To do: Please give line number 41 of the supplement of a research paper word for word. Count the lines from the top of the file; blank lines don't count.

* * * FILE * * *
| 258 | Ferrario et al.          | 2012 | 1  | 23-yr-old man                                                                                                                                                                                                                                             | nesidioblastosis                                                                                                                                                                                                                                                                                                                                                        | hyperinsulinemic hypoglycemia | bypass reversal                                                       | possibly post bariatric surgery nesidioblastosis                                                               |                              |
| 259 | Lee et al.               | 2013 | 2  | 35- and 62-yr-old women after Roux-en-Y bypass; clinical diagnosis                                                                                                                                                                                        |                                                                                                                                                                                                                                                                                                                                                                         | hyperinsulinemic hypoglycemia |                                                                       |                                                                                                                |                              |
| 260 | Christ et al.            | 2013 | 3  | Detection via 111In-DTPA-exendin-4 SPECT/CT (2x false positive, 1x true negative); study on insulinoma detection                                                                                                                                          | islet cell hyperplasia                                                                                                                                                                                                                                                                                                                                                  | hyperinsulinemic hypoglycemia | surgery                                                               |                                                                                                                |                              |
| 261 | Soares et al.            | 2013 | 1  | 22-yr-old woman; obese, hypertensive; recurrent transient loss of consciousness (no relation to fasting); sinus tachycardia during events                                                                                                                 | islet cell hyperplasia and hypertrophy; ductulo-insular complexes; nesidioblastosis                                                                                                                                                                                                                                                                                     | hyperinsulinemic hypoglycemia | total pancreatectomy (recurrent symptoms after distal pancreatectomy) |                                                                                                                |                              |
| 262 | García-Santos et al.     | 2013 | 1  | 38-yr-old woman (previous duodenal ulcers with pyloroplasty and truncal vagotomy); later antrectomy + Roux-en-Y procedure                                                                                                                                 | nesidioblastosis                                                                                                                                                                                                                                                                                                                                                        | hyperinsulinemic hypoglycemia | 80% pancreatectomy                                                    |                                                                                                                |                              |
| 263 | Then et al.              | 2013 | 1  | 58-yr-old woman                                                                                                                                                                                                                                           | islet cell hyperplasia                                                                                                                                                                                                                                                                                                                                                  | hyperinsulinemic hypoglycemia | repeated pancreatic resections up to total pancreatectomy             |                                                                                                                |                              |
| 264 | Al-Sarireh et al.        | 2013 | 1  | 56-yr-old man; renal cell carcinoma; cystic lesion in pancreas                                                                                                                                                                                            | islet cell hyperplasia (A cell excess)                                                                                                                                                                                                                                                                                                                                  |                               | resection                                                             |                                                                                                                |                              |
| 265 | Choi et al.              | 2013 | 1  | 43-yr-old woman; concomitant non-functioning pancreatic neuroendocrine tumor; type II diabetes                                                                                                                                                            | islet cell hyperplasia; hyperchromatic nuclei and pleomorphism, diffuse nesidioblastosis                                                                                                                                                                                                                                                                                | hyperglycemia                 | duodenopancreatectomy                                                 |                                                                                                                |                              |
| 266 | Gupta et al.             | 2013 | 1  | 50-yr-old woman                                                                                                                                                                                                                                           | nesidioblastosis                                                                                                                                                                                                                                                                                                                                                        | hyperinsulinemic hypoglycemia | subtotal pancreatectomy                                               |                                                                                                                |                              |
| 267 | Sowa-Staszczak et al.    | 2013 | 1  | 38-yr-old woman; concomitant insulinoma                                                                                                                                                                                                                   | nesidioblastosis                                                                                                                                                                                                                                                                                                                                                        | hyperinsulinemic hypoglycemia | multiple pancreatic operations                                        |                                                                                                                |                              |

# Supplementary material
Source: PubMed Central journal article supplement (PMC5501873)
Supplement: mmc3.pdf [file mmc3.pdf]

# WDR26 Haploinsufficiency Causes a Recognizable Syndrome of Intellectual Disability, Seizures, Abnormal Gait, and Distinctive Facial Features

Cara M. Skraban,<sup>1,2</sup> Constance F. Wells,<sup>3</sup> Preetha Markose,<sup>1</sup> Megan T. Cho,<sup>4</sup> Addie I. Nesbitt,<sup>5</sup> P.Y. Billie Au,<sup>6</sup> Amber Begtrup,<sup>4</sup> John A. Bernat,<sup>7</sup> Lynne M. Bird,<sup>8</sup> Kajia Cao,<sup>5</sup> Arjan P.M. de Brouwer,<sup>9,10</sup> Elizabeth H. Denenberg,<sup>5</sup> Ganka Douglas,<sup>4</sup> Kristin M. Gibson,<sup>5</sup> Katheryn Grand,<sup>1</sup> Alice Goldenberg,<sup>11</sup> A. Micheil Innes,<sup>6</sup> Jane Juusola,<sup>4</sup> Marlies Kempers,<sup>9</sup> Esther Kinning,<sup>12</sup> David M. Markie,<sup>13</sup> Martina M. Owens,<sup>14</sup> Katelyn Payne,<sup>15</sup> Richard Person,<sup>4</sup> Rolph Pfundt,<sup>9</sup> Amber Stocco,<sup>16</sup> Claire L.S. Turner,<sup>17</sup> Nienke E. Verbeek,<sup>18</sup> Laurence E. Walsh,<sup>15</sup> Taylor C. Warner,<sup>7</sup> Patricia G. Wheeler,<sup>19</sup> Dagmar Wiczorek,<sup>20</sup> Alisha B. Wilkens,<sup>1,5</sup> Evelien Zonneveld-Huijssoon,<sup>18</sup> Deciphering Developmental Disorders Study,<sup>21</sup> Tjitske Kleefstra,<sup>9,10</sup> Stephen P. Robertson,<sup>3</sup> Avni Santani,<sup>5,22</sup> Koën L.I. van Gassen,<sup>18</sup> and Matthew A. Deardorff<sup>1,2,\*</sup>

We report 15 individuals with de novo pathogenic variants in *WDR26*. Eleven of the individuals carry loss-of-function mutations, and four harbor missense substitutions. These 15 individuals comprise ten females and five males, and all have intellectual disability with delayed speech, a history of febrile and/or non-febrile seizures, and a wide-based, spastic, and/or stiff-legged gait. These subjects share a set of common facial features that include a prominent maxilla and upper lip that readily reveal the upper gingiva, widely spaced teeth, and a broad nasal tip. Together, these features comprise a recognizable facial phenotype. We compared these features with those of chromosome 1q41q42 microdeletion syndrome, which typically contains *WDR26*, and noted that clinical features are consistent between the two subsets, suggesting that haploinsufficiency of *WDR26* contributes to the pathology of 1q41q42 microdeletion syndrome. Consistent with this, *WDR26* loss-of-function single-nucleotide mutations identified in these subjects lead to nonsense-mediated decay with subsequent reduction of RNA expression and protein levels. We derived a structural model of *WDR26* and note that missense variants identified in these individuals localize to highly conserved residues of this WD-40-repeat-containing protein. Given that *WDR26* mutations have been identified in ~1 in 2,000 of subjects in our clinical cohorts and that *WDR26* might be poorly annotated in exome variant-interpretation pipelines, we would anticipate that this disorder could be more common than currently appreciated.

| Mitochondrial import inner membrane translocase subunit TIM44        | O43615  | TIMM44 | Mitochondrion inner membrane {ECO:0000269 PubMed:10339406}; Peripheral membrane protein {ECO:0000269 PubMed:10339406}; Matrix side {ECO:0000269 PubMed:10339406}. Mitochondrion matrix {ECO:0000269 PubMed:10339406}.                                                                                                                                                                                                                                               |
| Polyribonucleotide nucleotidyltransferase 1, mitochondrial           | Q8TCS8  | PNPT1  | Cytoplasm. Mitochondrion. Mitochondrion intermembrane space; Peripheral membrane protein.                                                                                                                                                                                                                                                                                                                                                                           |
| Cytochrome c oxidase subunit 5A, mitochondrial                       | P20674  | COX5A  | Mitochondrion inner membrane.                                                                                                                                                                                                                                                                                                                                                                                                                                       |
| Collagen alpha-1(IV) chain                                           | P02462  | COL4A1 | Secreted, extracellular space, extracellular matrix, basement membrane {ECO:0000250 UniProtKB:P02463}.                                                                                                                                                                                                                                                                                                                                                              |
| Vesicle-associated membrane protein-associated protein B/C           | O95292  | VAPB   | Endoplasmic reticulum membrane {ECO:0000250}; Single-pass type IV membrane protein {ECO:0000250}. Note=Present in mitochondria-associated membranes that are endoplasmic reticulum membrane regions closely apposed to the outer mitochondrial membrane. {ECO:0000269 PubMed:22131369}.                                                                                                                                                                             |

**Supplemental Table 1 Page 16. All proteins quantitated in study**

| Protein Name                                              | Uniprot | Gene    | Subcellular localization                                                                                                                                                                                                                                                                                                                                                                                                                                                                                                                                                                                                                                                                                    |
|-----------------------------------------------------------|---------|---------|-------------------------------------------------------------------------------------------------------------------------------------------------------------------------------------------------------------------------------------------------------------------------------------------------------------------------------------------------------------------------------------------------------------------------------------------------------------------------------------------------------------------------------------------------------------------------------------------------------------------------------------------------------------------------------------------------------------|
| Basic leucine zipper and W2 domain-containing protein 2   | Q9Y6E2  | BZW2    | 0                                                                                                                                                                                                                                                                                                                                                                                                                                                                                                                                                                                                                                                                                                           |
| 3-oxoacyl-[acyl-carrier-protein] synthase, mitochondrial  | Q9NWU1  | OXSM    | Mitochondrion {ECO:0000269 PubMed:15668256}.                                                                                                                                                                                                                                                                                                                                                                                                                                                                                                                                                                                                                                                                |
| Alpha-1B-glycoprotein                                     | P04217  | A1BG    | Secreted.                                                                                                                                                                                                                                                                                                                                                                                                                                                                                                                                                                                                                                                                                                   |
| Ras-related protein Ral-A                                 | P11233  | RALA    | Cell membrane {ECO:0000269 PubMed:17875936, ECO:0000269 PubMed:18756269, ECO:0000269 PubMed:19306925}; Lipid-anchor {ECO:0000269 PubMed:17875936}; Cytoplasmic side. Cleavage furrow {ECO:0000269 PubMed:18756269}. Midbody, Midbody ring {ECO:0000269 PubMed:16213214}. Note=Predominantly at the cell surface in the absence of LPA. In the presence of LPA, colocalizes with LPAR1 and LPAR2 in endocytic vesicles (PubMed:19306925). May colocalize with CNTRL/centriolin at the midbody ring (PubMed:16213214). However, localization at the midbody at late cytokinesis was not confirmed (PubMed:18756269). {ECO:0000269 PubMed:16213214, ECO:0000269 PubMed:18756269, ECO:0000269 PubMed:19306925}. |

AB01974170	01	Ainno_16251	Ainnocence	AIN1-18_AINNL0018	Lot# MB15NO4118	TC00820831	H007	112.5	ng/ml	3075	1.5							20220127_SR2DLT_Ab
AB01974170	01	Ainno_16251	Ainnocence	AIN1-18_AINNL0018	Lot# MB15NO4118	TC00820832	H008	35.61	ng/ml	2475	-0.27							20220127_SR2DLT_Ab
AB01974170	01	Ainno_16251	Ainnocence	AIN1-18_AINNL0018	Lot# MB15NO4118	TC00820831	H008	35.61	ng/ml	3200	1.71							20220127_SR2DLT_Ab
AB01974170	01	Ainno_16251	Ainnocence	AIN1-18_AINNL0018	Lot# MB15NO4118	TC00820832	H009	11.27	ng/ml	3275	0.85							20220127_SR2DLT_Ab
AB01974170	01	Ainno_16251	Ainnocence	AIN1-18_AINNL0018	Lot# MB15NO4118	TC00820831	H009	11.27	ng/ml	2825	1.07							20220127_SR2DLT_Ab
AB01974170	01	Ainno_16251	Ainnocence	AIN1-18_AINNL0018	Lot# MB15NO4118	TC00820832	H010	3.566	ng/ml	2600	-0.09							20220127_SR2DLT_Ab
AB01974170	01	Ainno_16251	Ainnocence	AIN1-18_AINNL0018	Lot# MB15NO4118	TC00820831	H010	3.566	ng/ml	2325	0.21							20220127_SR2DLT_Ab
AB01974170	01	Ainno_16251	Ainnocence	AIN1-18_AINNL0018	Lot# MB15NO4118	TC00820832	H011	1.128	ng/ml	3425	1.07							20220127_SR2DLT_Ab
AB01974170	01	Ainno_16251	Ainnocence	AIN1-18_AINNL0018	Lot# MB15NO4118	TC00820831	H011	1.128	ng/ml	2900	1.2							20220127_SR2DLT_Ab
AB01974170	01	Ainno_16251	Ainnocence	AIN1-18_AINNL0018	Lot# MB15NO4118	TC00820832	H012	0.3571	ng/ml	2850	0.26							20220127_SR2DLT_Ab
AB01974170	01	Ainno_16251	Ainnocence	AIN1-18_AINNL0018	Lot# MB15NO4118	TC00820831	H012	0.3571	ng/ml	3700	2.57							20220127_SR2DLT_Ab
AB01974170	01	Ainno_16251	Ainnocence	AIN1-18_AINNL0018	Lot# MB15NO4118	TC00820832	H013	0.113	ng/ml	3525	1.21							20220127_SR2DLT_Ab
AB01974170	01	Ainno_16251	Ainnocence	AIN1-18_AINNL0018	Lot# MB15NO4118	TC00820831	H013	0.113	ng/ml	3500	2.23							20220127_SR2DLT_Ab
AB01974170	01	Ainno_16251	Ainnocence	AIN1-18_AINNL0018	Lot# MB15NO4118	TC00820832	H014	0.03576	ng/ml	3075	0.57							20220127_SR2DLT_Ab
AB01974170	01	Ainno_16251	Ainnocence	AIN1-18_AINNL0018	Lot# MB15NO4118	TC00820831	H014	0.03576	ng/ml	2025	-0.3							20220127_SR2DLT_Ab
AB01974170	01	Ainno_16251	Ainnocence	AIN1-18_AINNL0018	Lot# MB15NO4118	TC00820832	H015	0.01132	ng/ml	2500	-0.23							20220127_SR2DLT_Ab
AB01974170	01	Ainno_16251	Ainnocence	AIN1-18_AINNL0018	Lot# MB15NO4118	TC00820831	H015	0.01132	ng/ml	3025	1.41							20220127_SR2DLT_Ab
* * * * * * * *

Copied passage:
AB01974170	01	Ainno_16251	Ainnocence	AIN1-18_AINNL0018	Lot# MB15NO4118	TC00820831	H013	0.113	ng/ml	3500	2.23							20220127_SR2DLT_Ab